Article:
Norwalk virus typically incubates in humans for 24-48 hours. However it is possible to be infected after only 12 hours after exposure. Although people are not typically long term hosts of the virus, current research is examining for how long hosts continue to shed after the cessation of symptoms. New research suggests that humans may shed infectable virus for up to three weeks after the cessation of symptoms.
Globally, there are almost 23 million cases of Norwalk virus that occur each year. Norwalk virus and Norwalk-like virus infections account for almost half of the outbreaks of foodborne gastroenteritis. Norwalk infections usually occur in clusters, also known as outbreaks, and typically affect schools, camps, cruiseships and hospitals.
Norwalk virus typically presents as vomiting, followed by extensive diarrhea. The vomiting and diarrhea is sometimes accompanied by stomach cramps, nausea, and low-grade fever. Small children and the elderly are more likely to become dehydrated.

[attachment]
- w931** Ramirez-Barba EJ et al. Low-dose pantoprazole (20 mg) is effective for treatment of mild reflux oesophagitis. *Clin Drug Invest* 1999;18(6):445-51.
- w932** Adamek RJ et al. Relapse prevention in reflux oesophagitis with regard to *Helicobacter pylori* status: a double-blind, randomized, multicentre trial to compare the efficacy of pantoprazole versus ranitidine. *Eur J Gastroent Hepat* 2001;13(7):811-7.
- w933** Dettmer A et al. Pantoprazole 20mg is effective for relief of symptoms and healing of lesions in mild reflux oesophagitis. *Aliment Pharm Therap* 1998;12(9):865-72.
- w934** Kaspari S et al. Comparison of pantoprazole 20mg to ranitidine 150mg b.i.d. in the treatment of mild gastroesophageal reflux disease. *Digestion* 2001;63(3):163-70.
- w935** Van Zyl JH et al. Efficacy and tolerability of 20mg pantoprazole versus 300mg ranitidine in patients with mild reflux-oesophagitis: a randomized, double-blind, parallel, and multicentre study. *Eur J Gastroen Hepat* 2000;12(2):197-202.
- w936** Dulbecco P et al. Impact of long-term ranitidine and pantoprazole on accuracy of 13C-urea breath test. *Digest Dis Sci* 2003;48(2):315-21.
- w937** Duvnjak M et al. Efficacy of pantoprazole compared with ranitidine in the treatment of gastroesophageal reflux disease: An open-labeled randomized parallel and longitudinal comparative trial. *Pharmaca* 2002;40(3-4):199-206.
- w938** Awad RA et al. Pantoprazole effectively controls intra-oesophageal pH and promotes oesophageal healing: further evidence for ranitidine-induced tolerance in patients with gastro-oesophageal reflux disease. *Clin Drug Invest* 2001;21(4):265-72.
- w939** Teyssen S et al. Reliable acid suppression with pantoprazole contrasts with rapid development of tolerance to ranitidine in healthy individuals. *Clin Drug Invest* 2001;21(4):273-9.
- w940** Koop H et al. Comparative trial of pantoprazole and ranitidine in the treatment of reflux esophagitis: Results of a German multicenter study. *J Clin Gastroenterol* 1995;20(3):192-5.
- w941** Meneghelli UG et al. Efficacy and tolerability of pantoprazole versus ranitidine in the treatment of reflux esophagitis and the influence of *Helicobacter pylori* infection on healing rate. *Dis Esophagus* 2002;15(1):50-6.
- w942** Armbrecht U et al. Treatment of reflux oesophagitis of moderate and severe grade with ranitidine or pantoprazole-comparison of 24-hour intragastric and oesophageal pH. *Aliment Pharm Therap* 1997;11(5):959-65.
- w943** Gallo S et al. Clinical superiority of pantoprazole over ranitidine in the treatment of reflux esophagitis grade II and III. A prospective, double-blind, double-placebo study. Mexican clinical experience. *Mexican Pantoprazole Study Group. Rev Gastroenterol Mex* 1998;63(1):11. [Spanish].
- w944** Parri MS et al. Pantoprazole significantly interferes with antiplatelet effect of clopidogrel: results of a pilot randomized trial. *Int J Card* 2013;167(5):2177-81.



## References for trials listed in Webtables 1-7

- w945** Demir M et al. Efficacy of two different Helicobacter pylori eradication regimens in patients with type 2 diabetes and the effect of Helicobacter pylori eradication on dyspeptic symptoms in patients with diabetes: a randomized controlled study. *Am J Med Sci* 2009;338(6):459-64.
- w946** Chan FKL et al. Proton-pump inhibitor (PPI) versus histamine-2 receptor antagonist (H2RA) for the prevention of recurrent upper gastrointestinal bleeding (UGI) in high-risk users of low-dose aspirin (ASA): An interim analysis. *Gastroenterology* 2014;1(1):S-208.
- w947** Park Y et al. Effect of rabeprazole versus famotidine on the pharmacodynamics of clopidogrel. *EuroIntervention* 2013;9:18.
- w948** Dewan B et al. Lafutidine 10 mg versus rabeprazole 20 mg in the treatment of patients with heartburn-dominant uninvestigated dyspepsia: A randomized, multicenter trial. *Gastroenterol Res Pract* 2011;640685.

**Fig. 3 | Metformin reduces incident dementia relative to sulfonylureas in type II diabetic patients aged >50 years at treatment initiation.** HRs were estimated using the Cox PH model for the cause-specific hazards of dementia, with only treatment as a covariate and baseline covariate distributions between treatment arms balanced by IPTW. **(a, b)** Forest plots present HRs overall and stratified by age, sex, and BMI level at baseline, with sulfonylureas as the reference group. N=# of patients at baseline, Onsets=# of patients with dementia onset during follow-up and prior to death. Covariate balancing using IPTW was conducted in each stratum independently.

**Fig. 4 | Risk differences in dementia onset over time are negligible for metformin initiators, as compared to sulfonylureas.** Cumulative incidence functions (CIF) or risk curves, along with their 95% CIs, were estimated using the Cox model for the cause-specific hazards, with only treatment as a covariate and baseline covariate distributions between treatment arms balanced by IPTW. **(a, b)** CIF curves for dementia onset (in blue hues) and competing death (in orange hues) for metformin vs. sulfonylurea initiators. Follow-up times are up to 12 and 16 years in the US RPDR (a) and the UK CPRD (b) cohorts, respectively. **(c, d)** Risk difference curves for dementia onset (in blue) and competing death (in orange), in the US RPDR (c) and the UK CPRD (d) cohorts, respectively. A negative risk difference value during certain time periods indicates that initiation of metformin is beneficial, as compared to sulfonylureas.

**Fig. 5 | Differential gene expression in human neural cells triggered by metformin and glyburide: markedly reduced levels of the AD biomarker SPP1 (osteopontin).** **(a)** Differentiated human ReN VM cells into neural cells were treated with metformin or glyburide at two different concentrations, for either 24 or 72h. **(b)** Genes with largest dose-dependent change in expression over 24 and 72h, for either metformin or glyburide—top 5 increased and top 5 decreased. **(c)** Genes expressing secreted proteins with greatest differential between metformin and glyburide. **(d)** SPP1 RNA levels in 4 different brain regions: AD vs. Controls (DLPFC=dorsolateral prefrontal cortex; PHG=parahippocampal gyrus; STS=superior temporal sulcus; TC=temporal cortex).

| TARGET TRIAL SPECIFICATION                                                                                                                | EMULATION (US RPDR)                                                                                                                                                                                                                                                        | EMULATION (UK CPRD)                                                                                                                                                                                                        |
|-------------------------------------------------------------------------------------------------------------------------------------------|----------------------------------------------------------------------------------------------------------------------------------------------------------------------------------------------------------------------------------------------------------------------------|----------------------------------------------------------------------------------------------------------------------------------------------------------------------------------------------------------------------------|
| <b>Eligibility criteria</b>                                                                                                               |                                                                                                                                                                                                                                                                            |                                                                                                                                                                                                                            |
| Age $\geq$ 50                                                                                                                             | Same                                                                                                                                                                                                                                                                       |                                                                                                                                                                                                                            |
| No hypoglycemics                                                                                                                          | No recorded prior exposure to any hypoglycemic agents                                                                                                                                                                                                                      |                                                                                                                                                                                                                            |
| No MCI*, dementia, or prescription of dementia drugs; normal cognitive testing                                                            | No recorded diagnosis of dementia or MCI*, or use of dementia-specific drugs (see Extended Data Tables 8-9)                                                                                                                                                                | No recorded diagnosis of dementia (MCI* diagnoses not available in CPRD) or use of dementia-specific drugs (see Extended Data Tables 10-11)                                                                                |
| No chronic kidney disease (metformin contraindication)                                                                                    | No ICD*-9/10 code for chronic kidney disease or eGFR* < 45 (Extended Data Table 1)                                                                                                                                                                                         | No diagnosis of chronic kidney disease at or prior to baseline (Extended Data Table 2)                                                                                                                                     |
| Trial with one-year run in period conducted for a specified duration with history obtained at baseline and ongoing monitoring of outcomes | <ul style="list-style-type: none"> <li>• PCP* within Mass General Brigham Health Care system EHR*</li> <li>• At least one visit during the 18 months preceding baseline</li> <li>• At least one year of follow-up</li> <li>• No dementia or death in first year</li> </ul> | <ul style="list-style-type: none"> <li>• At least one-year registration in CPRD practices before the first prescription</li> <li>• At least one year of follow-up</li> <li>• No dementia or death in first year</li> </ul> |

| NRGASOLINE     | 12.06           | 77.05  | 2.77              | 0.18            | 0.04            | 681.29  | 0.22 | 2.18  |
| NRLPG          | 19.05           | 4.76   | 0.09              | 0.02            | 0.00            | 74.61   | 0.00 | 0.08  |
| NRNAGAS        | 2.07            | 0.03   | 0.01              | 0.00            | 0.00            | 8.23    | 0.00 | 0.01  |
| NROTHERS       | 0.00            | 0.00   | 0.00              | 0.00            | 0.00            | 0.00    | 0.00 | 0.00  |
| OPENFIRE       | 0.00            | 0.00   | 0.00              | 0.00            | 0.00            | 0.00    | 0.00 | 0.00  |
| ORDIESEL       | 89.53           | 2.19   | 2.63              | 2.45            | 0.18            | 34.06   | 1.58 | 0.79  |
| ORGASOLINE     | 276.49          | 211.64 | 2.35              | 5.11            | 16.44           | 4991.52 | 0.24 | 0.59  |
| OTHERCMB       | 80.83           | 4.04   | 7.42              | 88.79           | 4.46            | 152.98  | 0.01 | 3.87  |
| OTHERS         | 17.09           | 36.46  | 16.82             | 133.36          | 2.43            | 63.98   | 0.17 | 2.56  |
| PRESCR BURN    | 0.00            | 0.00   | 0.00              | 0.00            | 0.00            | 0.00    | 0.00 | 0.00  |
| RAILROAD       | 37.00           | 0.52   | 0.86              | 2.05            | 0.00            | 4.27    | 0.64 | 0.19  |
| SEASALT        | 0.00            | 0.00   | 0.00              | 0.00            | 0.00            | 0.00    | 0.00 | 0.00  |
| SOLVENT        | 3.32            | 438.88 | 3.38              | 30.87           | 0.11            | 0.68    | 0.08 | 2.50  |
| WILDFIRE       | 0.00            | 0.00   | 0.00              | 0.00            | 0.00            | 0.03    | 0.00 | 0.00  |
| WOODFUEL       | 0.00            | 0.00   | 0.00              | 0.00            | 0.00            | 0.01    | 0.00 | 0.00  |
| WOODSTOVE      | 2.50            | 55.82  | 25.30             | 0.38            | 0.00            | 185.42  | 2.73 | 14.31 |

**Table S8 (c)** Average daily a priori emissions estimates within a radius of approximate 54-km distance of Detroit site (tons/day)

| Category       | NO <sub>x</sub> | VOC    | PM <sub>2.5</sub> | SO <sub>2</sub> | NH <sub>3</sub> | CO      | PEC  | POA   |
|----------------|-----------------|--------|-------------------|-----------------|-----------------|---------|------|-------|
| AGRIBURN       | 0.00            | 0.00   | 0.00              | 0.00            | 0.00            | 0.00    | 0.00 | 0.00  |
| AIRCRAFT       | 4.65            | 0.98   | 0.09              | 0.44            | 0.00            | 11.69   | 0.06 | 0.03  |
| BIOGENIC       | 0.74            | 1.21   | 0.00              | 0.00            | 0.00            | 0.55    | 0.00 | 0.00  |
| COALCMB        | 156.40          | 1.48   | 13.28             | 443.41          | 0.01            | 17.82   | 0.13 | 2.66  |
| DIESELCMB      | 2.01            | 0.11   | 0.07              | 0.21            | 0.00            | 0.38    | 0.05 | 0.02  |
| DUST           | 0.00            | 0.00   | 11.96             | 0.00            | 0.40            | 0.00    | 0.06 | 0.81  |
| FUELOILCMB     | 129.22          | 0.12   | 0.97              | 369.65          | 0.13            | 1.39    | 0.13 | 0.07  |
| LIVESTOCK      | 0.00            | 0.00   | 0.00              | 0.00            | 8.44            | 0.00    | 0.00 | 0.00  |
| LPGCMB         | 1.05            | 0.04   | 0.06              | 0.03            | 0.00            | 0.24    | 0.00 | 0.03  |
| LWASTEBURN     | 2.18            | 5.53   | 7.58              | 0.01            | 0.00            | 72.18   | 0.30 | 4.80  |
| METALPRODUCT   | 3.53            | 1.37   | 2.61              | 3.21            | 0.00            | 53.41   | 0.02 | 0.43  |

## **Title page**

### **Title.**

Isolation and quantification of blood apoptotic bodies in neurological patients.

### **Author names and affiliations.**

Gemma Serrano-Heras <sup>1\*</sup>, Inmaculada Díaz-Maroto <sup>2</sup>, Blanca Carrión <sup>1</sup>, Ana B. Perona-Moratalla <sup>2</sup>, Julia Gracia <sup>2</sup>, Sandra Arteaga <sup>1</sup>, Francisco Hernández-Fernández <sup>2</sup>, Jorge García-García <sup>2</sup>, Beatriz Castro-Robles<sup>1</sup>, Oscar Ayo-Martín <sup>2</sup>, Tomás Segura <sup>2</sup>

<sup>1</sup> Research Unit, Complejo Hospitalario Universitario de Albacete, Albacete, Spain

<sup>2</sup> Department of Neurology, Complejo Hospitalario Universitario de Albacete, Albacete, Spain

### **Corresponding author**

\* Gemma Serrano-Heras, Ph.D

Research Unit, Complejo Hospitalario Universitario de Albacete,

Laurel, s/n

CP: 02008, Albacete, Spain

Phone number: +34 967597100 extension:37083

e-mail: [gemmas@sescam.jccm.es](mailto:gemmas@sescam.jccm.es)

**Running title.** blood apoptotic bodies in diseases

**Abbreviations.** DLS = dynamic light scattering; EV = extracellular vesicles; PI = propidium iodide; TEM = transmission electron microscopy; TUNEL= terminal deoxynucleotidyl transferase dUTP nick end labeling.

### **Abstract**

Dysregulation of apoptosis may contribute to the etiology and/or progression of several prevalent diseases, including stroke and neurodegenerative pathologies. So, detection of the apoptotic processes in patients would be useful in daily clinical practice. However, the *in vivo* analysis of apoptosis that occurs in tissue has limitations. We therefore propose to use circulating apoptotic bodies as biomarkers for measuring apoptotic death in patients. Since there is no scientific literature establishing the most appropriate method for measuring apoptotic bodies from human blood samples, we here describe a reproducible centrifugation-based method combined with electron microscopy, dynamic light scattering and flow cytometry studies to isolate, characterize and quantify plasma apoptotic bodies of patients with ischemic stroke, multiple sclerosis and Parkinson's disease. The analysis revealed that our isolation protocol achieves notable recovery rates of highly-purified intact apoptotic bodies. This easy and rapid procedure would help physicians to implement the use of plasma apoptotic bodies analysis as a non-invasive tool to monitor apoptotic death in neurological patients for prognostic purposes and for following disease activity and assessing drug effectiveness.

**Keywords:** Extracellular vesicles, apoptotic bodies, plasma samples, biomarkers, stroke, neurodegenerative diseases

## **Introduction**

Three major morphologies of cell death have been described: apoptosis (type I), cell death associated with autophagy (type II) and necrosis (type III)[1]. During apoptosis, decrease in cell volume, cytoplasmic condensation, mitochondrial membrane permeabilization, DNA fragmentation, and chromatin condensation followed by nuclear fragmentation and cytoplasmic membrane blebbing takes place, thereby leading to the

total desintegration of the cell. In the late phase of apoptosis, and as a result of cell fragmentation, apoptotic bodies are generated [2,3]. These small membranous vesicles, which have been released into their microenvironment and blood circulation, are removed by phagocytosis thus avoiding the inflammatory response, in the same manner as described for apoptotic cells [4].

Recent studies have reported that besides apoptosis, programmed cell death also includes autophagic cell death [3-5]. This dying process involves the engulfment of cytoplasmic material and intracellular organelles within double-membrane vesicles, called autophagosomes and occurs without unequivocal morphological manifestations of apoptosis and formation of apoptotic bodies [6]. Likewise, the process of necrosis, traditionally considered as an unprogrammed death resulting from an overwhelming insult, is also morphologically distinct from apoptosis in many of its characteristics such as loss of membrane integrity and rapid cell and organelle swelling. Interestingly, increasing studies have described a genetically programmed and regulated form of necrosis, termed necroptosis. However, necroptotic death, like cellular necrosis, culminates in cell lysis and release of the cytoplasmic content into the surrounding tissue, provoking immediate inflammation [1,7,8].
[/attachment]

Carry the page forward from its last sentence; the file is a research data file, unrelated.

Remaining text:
The outcome is invariably good with very rare occurrence of death in healthy people, and people are unlikely to experience any last side effects from the infection.
Currently there is no real treatment for Norwalk virus gastroenteritis. Management consists of trying to maintain body fluids (because of the tendency to become dehydrated from the diarrhea), as well as maintain proper electrolyte balance. Patients can use either oral rehydration therapies or intravenous therapies.
The prevention of Norwalk virus consists of proper hygiene as well as ensuring that water and food sources are not contaminated. Proper and frequent handwashing (especially for workers in the food preparation industry) is crucial to eliminating Norwalk outbreaks. Additionally, it is important for research to continue in better ways to test water for Norwalk viruses, because the Norwalk virus is fairly hardy and can survive in the levels of chlorine in public drinking water.